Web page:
Severin Schwan, CEO of Roche, prays their low offer suceeds. Credit: AP Photo/Mark Lennihan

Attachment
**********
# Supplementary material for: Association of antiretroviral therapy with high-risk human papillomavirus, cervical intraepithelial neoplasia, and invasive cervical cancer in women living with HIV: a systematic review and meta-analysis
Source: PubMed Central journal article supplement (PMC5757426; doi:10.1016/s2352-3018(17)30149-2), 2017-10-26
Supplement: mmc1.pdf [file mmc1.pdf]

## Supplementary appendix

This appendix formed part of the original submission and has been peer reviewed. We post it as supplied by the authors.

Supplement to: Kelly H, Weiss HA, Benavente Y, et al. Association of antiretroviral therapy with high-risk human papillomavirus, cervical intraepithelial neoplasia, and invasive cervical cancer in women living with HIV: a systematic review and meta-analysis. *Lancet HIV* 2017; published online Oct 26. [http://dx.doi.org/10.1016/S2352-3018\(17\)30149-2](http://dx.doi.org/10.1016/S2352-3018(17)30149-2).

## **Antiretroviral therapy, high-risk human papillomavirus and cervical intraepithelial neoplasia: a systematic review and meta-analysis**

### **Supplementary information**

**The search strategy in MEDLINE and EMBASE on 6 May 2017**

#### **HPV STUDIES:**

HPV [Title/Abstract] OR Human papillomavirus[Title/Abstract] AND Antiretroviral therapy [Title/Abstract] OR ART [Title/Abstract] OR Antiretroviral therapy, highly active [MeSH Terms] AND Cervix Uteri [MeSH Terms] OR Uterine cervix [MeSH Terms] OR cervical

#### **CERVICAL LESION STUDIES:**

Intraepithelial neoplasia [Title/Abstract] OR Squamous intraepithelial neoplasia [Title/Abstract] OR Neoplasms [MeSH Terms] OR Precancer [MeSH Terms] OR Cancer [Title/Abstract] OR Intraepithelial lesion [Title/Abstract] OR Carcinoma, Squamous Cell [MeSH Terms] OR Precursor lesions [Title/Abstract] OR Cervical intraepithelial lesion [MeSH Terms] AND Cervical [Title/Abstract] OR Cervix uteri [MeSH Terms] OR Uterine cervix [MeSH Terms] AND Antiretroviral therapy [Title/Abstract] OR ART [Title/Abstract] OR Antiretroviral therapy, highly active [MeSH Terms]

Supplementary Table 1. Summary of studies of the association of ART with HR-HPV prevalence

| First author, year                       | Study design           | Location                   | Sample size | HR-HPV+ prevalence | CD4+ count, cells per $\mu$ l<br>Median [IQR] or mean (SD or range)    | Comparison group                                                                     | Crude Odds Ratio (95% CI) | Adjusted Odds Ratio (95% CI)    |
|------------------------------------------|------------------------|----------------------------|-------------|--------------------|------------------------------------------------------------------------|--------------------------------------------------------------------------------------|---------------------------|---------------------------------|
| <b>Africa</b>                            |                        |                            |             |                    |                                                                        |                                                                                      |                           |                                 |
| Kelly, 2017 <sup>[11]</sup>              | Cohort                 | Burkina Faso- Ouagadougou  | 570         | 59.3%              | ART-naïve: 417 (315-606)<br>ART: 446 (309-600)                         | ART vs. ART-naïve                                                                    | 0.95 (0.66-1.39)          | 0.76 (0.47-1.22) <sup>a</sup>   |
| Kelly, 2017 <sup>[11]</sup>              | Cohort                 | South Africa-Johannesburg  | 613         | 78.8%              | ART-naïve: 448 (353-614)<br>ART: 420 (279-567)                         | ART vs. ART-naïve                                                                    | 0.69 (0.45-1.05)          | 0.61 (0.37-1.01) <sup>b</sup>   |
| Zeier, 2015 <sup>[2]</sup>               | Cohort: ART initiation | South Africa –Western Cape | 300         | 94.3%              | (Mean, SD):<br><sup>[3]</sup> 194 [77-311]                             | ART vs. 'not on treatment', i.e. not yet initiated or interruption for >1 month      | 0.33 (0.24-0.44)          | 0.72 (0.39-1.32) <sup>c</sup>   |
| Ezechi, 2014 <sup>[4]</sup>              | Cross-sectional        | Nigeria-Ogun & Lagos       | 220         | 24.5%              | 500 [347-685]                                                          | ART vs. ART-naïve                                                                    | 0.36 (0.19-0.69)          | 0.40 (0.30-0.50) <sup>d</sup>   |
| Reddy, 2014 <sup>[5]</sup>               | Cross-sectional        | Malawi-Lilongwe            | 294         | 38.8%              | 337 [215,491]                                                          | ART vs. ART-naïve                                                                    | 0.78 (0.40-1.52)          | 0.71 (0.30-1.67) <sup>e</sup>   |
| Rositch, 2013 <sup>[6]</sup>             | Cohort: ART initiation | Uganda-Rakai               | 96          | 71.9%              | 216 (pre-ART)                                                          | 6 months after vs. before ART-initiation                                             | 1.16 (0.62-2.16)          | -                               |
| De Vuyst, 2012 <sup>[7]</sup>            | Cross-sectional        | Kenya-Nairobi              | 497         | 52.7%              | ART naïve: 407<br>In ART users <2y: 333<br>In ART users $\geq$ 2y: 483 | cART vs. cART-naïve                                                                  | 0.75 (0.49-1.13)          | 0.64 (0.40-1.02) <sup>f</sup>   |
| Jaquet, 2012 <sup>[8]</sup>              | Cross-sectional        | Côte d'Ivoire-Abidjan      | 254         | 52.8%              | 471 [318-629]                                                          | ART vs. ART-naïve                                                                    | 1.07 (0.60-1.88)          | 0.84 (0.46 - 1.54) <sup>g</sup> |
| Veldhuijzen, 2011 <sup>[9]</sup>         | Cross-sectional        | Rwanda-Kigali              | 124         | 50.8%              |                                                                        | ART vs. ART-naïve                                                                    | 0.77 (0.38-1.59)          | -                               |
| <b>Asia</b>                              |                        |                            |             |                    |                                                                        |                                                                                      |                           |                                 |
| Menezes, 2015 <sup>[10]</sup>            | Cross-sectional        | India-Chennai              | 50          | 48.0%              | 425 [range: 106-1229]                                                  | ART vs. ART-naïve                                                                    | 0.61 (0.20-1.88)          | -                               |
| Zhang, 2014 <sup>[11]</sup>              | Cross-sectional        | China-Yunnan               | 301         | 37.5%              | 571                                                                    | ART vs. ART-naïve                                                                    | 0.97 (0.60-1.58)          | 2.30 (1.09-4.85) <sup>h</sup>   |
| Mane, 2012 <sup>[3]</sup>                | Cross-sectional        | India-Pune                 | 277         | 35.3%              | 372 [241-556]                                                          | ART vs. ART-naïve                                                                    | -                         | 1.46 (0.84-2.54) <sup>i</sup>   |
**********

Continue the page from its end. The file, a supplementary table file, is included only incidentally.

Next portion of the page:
Genentech shareholders have until midnight, EST, on 12 March to decide whether they want to sell their shares directly to Basel-based F. Hoffmann–La Roche at $86.50 apiece following Roche's hostile cash tender offer, launched on 9 February. That's a drop in price from July last year, when Roche proposed to buy Genentech for $89 per share ($43.7 billion overall), giving Roche the 44% of Genentech shares it didn't already own. Closing the hostile bid is contingent on the majority of outstanding stakeholders tendering their shares to Roche, and on Roche securing the money for the deal—it says it will use its own cash reserves, commercial paper, bonds and 'traditional' bank financing to cover the cost. In response to the latest offer Genentech publicly asked shareholders to “take no action at this time.” (Genentech in fact wants a much higher offer: filings by Roche with the Securities and Exchange Commission show that in a December meeting, representatives for Genentech indicated a willingness to pursue a transaction at $112 per share.) If the offer is successful in winning Roche 90% or more of Genentech shares, it would then merge the companies. The failure to reach a conclusion on the original offer with Genentech, of S. San Francisco, is behind the hostile attempt, and the lower per-share offer reflects “the fact that a public purchase is a much more complicated transaction than a direct agreement with the board,” says Severin Schwan, Roche CEO. But there is no shortage of theories as to why Roche made the move now, most interesting perhaps is the pending phase 3 data for Avastin (bevacizumab) as an adjuvant in colorectal cancer, due in April. A positive result there could build as much as $15 into Genentech's stock, some analysts surmise, making Genentech prohibitively expensive. Others have pointed out that if the negotiations drag out further Roche might have trouble finding financing in what is universally described as a horrible environment for securing bank loans, especially as New York–based Pfizer recently announced it will purchase Madison, New Jersey–based Wyeth for $68 billion, and would seek financing, too. Regardless, the tender offer has the industry buzzing (again) about Genentech's ability to retain its vaunted scientific talent with a future so cloudy. “I'm sure people are a bit unsettled,” says the CEO of a southern California startup, who requested anonymity because he successfully recruited two ex-Genentech scientists to join his firm. “But people have been peeling off [from Genentech] from the beginning, for a whole variety of reasons. That's common to biotech anyway.